Russell v R

Russell v R[1] is a landmark Privy Council decision regarding the interpretation of the Constitution Act, 1867, and was one of the first cases explaining the nature of the peace, order and good government power in Canadian federalism. It expanded upon the jurisprudence that was previously discussed in Citizen's Insurance Co. v. Parsons.

Russell v R
CourtJudicial Committee of the Privy Council
Full case nameCharles Russell v The Queen
Decided23 June 1882
Citation(s)[1882] UKPC 33, [1882] 7 AC 829
Case history
Appealed fromSupreme Court of New Brunswick
Court membership
Judges sittingSir Barnes Peacock, Sir Montague Smith, Sir Robert P. Collier, Sir James Hannen, Sir Richard Couch
Case opinions
Decision bySir Montague Smith
temperance, peace, order and good government, constitutional interpretation


In 1878, the Parliament of Canada passed the Canada Temperance Act which allowed for a province or city to hold a plebiscite on banning the sale of alcohol.[2] Fredericton held such a plebiscite which carried successfully.

In 1880, the Supreme Court of Canada decision in The Queen v Fredericton (Mayor)[3] had held that the law was intra vires under the trade and commerce clause. That decision was not appealed to the Privy Council.

In a separate case two years later, Charles Russell, a local pub owner, was convicted under the CTA of selling alcohol. Russell argued that Parliament cannot delegate its powers to any other part of government. The law could best be characterized as either falling into the provinces power to legislate on matters related to taverns and saloons (section 92(9)), property and civil rights (section 92(13)), or matters of a local or private nature (section 92(16)).

Sir Montague Edward Smith rejected Russell's submissions, saying:

Their Lordships cannot concur in this view. The declared object of Parliament in passing the Act is that there should be uniform legislation in all the provinces respecting the traffic in intoxicating liquors, with a view to promote temperance in the Dominion. Parliament does not treat the promotion of temperance as desirable in one province more than in another, but as desirable everywhere throughout the Dominion.

Smith upheld the law as a valid exercise of federal power under the doctrine of "peace, order and good government" which means that any law that cannot be found to be allocated to the provincial head of power under section 92 must necessarily fall into the residual power granted to the federal government. The law was found to be in relation to public order and safety, and thus was a matter of general concern to all of Canada. As to the manner of its operation, Smith noted:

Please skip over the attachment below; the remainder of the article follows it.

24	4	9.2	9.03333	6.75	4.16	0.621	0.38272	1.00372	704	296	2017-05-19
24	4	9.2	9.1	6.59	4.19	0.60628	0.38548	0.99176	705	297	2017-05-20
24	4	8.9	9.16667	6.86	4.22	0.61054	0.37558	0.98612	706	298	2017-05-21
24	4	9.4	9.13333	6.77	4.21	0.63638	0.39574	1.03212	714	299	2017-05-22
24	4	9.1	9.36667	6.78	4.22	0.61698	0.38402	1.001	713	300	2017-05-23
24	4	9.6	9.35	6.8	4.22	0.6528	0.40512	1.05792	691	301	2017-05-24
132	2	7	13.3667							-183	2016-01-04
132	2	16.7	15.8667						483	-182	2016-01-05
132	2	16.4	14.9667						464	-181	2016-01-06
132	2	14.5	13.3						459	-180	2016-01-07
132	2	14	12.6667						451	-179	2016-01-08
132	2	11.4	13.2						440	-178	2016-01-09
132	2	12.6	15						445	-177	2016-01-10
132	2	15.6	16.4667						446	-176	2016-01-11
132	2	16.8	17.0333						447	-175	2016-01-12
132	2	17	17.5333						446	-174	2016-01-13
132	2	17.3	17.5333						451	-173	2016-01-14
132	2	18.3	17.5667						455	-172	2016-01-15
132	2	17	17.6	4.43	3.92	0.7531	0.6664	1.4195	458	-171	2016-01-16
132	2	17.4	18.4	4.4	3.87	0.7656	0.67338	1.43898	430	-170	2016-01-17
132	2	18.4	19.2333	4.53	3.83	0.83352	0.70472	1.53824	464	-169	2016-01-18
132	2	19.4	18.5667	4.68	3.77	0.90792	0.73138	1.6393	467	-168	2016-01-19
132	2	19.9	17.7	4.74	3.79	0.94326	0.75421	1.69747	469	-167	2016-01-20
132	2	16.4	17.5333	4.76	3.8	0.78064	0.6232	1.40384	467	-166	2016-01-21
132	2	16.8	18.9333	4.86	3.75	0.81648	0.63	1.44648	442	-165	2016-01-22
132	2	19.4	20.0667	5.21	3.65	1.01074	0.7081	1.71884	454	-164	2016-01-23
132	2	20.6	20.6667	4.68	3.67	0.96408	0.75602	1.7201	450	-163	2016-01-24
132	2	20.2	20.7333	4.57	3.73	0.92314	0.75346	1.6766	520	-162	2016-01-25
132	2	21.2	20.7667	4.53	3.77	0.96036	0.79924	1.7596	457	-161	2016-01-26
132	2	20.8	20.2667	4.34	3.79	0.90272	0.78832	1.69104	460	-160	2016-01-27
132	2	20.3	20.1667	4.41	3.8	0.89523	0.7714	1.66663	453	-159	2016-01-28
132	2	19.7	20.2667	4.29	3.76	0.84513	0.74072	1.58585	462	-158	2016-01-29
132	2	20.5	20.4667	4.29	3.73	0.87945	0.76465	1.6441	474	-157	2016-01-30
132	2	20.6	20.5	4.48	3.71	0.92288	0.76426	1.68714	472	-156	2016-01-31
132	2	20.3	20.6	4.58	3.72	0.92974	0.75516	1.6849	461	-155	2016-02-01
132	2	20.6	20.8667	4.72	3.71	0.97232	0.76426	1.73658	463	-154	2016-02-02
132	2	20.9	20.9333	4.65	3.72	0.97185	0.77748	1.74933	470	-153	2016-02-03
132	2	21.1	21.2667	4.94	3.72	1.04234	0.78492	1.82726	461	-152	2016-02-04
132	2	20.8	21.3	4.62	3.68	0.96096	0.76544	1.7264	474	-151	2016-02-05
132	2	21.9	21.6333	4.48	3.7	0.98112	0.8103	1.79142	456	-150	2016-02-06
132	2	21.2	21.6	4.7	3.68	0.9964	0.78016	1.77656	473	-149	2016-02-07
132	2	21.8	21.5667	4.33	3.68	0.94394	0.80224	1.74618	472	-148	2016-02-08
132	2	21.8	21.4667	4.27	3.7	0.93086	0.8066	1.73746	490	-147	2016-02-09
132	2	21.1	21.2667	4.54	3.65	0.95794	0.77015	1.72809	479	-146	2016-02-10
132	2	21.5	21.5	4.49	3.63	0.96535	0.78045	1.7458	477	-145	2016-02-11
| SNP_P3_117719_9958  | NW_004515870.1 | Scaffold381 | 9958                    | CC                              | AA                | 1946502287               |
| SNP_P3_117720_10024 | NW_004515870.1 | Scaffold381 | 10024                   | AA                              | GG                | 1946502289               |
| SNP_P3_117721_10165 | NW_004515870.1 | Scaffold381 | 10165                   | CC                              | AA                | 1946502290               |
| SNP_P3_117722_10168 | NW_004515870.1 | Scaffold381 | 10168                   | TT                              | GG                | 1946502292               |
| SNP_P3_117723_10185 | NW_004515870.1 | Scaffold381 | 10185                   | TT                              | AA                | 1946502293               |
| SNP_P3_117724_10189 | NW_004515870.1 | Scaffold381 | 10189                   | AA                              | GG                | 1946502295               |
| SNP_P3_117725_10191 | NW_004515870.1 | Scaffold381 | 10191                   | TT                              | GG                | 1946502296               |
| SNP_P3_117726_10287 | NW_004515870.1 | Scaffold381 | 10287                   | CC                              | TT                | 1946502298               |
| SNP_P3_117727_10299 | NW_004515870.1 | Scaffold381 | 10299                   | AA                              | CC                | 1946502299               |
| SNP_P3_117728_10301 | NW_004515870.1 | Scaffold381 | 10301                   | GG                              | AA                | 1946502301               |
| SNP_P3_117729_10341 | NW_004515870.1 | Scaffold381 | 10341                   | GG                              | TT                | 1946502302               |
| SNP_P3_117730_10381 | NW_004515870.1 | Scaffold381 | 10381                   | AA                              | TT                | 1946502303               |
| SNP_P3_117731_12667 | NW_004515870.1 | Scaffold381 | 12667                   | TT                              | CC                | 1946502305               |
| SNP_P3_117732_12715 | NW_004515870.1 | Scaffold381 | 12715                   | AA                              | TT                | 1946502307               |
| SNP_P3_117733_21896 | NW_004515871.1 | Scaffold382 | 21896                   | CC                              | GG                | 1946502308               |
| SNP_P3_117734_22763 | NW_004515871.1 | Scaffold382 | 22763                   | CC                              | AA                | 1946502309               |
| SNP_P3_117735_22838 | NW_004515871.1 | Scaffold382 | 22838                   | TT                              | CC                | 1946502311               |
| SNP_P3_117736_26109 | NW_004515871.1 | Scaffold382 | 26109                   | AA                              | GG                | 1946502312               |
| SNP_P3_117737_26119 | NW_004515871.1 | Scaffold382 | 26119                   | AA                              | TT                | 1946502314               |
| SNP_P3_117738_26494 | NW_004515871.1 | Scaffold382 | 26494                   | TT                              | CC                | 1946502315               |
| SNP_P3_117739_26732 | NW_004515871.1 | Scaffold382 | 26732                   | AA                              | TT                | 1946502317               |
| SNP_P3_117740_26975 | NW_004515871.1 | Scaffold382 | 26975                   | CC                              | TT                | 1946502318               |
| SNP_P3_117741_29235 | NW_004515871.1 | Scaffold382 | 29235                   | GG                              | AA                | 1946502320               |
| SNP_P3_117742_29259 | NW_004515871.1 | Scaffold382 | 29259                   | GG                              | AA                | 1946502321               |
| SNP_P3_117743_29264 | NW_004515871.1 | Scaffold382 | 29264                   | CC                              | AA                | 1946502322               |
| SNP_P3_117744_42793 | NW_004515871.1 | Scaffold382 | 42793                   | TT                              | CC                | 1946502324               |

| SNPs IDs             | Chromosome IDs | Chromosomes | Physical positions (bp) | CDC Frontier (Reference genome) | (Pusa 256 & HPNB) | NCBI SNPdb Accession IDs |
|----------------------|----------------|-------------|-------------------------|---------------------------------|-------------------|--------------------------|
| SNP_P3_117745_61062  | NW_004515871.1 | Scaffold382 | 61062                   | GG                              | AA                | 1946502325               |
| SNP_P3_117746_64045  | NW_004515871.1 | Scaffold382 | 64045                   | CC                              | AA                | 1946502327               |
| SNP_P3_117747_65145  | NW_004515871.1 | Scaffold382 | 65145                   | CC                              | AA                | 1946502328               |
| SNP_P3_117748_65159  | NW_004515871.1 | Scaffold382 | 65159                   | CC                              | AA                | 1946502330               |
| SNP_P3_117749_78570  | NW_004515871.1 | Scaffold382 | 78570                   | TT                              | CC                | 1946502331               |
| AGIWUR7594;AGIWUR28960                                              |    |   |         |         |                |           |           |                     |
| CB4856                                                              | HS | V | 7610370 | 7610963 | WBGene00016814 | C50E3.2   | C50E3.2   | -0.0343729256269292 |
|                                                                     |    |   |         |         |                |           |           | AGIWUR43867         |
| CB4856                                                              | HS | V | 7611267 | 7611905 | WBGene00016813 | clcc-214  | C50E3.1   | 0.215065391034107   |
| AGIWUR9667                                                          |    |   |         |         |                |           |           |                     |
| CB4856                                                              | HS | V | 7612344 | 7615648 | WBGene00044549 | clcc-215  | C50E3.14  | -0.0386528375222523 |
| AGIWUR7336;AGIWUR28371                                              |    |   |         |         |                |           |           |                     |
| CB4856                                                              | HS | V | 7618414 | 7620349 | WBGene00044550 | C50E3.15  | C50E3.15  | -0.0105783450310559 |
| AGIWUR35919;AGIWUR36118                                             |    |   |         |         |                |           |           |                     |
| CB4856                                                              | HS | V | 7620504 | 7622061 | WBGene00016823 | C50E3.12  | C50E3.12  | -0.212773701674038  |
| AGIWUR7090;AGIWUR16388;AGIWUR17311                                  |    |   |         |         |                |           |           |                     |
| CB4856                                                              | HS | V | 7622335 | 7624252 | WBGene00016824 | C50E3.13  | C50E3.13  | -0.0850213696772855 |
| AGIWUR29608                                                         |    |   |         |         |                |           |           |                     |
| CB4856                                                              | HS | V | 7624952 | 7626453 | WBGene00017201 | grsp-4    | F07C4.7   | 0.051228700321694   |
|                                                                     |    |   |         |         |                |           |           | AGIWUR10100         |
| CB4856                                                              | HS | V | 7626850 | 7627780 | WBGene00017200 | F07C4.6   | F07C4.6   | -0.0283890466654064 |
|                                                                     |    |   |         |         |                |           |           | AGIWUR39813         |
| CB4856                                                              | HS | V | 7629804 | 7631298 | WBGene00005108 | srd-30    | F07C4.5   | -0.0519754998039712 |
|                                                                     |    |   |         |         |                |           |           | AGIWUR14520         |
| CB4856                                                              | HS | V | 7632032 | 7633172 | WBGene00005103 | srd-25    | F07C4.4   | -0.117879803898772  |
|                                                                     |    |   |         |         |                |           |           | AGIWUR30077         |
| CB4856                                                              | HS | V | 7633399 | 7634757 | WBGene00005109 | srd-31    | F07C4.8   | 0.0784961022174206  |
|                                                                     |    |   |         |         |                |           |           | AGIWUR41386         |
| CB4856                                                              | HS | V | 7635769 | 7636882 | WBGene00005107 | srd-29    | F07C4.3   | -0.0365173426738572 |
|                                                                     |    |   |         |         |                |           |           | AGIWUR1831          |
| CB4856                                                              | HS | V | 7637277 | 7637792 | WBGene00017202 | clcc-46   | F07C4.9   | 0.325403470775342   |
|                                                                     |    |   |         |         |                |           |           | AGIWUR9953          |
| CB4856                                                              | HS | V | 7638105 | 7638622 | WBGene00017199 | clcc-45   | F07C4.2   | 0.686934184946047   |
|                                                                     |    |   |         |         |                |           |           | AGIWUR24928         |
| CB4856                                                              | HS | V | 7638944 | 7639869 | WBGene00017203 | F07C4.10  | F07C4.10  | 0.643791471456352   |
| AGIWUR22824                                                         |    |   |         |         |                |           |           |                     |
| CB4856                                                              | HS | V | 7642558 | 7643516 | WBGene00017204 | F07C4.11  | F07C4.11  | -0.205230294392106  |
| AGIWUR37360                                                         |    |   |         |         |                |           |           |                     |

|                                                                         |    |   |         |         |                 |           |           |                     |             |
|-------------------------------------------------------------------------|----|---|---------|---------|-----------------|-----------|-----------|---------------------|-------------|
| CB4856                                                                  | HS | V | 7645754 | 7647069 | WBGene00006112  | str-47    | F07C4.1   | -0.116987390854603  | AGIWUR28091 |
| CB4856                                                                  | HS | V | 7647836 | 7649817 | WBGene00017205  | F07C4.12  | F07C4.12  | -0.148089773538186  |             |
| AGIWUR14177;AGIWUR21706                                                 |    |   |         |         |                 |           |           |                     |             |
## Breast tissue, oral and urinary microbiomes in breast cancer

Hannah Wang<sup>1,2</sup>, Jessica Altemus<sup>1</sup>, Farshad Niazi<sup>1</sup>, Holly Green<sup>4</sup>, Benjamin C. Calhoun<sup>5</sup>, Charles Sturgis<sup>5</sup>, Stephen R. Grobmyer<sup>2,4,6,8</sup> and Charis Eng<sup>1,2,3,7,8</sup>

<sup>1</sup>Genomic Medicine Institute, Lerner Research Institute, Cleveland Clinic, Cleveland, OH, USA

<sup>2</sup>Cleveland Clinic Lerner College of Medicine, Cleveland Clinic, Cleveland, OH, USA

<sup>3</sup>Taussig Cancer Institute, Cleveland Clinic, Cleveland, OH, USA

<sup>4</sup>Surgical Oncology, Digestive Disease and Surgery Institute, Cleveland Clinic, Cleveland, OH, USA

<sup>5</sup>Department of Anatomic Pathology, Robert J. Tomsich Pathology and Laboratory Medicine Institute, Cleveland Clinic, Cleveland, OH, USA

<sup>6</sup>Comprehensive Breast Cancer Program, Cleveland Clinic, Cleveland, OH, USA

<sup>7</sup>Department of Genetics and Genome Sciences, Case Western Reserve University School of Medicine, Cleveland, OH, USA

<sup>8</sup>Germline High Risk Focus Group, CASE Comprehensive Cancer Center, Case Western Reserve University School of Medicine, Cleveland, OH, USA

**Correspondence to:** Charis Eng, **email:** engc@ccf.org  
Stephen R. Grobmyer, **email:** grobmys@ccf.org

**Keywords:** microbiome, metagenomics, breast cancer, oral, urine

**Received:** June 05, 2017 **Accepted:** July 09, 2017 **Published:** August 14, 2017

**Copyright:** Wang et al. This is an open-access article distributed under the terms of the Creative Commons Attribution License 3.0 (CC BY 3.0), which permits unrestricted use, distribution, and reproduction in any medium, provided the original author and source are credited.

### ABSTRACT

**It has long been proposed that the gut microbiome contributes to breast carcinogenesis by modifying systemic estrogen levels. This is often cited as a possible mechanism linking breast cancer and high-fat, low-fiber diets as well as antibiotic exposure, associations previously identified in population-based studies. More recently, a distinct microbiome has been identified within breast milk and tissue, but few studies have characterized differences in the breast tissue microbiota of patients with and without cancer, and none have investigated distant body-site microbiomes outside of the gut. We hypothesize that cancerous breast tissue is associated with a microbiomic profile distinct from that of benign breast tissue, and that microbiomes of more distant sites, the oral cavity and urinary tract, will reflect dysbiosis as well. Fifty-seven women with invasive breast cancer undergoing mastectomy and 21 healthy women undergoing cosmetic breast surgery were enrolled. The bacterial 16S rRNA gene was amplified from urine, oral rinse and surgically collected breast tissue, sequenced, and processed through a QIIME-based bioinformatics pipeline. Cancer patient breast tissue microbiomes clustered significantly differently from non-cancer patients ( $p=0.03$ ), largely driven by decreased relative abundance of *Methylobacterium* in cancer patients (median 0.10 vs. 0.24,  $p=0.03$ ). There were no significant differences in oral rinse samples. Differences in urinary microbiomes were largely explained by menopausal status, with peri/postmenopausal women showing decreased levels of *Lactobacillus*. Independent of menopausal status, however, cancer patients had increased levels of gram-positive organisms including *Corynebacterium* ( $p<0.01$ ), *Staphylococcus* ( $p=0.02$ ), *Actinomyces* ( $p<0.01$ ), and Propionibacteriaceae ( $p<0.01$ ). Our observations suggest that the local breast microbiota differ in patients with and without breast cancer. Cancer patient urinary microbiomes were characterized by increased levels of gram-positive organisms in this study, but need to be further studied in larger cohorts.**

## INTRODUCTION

The manner of bringing the prohibitions and penalties of the Act into force, which Parliament has thought fit to adopt, does not alter its general and uniform character. Parliament deals with the subject as one of general and uniform concern to the Dominion, upon which uniformity of legislation is desirable, and the Parliament alone can so deal with it.

As the issue was decided to fall under the general nature of the "peace, order and good government" power, it was considered unnecessary to determine whether it could have come under a more specific head of federal power. In its closing paragraph, the Board emphasized that its abstention from that discussion was not intended to intimate any dissent from the opinion that the Supreme Court of Canada had previously given on the matter.


Although the Canada Temperance Act was upheld, the effect of Russell was to restrict the manner in which the more specific heads of federal power were to be interpreted. In the subsequent case of Hodge v. The Queen, followed by others from the Privy Council, the influence of the Supreme Court of Canada diminished and that of the provinces was significantly expanded.

Russell continued to govern the interpretation of the peace, order and good government power until it was effectively overturned by Ontario (Attorney General) v. Canada Temperance Federation in 1946.


  1. Charles Russell v The Queen [1882] UKPC 33, [1882] 7 App Cas 829, 8 CRAC 502 (23 June 1882), P.C. (on appeal from New Brunswick)
  2. Morris J. Fish. "THE EFFECT OF ALCOHOL ON THE CANADIAN CONSTITUTION ... SERIOUSLY" (PDF). McGill Law Journal. (2011) 57:1 McGill LJ 189. Archived from the original (PDF) on 2013-03-13. Retrieved 2012-08-06.
  3. [1880] 3 SCR 505, 2 Cart 27

See also

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